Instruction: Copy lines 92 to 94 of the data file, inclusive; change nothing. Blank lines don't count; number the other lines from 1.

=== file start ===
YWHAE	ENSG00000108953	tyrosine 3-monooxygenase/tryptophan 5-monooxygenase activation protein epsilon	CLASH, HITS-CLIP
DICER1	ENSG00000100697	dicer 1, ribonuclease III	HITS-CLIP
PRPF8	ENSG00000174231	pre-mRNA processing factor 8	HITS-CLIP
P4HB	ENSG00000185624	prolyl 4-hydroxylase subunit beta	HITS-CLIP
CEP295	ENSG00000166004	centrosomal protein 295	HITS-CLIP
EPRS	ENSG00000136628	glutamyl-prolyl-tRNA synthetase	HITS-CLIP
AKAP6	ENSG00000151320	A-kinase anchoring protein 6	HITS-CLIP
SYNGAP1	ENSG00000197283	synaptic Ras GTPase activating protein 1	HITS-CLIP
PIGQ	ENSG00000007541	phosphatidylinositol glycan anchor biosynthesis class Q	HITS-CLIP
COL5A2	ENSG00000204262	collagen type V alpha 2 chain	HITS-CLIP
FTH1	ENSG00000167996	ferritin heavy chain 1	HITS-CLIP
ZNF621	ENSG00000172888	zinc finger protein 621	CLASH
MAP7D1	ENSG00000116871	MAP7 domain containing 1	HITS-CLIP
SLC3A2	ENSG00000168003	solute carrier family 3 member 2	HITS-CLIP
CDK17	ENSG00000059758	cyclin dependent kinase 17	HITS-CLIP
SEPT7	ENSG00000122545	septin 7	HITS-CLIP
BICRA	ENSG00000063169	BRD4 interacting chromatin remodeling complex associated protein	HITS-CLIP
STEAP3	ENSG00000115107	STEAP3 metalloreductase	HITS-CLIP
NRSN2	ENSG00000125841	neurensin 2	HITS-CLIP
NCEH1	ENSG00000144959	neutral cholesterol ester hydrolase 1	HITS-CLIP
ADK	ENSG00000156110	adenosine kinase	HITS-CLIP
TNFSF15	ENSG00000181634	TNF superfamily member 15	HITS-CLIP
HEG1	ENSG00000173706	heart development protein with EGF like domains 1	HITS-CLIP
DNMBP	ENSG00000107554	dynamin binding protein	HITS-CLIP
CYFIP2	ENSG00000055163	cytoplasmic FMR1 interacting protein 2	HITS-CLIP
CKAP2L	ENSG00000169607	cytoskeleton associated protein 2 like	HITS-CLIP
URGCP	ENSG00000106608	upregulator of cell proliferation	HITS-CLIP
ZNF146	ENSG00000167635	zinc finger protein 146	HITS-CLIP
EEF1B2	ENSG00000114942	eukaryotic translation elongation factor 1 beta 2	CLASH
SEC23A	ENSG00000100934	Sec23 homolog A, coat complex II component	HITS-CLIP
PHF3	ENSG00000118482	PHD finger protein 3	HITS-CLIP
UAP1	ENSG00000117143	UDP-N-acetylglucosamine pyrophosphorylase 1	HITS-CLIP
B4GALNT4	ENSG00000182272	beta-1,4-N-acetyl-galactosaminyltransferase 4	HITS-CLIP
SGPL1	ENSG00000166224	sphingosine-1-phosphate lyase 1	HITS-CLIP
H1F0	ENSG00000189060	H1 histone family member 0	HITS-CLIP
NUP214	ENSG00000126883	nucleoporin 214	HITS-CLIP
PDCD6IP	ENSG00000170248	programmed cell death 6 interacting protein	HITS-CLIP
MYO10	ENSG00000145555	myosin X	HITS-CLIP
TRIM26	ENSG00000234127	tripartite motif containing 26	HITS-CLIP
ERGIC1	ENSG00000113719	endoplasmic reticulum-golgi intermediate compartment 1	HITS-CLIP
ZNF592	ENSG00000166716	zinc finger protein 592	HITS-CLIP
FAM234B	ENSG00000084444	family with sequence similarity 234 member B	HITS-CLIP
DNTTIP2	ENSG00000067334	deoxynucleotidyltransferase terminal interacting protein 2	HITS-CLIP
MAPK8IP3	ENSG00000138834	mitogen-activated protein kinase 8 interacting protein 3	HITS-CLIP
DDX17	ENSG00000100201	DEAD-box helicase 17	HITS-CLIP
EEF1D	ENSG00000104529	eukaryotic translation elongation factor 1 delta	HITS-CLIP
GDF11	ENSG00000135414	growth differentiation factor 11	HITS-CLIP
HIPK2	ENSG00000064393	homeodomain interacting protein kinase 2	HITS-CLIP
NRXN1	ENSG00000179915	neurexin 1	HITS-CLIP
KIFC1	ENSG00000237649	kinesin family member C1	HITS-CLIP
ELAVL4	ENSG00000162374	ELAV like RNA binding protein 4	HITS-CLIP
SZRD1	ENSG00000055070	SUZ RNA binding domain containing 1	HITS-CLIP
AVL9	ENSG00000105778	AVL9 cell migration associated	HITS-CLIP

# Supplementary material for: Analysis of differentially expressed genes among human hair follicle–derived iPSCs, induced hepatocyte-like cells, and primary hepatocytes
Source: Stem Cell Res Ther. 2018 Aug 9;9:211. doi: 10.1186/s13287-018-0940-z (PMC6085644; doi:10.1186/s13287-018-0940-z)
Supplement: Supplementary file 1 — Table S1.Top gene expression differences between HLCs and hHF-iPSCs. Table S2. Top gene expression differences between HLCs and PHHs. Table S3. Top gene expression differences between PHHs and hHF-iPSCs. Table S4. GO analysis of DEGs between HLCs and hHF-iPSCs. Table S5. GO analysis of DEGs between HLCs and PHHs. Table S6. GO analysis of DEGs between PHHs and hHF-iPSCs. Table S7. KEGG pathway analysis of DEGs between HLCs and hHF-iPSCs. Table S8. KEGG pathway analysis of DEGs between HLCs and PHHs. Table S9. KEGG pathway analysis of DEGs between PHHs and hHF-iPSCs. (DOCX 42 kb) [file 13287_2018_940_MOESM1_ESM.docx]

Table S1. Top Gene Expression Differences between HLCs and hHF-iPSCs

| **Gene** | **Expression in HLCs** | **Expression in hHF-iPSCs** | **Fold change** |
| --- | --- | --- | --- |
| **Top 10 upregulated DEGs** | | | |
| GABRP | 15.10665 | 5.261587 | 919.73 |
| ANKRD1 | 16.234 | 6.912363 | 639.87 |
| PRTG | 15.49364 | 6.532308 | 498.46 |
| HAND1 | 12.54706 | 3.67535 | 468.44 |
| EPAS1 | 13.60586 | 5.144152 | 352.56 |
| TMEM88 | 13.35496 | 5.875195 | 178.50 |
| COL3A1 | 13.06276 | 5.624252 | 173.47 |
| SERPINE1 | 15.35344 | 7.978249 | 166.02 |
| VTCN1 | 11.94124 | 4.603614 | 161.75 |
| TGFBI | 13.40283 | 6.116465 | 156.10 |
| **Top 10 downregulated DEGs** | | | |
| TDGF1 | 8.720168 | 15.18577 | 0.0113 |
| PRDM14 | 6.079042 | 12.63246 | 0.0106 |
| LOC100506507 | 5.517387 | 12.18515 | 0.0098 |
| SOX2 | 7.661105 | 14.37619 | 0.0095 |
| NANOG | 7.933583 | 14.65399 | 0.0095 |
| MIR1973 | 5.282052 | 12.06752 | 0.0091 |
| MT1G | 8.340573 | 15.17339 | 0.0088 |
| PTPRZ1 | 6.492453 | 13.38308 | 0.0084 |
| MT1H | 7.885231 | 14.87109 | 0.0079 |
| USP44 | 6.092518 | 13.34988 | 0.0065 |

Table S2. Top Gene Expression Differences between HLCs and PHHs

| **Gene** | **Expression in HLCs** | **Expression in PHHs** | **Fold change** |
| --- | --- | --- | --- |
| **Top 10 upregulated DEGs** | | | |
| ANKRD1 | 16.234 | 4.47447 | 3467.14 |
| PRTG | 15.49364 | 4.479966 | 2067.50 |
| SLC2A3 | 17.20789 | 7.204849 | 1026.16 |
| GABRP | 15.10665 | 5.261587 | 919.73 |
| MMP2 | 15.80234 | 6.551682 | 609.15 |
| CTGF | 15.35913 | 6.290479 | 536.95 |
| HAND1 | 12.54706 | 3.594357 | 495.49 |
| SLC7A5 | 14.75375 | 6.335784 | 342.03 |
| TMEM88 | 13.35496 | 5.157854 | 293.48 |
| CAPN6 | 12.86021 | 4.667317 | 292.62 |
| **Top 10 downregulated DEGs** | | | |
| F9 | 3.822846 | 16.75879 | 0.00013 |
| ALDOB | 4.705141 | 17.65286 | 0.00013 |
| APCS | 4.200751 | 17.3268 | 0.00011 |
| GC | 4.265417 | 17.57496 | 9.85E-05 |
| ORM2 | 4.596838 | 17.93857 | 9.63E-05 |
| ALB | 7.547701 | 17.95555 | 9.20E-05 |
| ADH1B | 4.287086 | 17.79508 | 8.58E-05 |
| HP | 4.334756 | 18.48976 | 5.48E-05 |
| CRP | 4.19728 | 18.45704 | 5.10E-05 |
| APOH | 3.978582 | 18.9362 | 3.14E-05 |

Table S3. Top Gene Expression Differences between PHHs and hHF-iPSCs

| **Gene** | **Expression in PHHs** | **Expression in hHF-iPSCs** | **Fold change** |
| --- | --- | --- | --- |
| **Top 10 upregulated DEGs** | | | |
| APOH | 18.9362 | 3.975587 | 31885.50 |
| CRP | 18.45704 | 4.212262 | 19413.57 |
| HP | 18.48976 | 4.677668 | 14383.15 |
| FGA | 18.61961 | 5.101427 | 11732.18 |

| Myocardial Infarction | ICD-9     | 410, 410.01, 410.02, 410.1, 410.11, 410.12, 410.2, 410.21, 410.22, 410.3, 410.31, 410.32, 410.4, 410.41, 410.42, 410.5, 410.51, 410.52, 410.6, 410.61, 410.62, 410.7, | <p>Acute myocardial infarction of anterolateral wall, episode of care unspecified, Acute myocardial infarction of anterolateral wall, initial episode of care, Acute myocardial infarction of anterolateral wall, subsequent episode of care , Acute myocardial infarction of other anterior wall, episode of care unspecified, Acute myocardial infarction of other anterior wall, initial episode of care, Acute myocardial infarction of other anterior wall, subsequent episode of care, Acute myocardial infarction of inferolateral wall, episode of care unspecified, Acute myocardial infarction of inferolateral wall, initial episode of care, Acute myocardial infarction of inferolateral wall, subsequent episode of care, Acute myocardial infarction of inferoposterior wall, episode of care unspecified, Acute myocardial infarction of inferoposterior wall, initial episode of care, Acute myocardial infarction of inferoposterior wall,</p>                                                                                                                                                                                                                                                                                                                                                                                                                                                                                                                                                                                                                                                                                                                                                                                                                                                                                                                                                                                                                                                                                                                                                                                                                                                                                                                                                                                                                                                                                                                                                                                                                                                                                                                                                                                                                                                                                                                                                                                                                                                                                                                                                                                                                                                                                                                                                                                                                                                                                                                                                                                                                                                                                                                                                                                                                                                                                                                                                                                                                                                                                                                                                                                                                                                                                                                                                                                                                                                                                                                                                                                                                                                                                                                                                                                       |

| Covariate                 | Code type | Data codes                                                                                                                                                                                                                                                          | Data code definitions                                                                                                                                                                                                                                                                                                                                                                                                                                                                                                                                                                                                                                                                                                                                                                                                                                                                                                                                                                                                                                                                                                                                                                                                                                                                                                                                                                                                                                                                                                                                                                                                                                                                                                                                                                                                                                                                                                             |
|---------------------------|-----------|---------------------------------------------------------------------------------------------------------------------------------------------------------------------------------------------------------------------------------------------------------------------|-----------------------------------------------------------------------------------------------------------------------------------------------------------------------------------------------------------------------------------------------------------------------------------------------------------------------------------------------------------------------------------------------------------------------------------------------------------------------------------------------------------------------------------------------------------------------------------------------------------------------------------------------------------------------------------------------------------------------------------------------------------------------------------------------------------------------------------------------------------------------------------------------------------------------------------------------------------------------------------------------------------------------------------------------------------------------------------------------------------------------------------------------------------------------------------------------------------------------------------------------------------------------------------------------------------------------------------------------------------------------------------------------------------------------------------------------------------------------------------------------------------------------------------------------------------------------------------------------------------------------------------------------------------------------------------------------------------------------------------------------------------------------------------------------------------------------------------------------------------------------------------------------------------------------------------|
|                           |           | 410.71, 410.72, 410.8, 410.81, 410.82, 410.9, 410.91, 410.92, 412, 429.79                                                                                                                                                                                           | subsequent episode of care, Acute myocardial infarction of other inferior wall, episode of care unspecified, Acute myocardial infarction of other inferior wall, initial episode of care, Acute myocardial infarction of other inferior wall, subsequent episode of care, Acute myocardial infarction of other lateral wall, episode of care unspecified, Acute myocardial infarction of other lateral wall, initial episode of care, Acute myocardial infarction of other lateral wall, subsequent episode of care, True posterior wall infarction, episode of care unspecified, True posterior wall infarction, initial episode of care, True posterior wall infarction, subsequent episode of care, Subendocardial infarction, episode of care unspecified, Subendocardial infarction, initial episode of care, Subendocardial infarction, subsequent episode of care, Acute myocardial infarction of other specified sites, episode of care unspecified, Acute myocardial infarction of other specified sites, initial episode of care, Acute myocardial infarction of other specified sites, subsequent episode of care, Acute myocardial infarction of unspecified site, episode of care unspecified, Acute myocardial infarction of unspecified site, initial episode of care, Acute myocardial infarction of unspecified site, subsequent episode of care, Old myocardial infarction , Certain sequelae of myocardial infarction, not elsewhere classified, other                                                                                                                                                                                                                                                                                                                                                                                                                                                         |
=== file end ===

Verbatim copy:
| HAND1 | 12.54706 | 3.594357 | 495.49 |
| SLC7A5 | 14.75375 | 6.335784 | 342.03 |
| TMEM88 | 13.35496 | 5.157854 | 293.48 |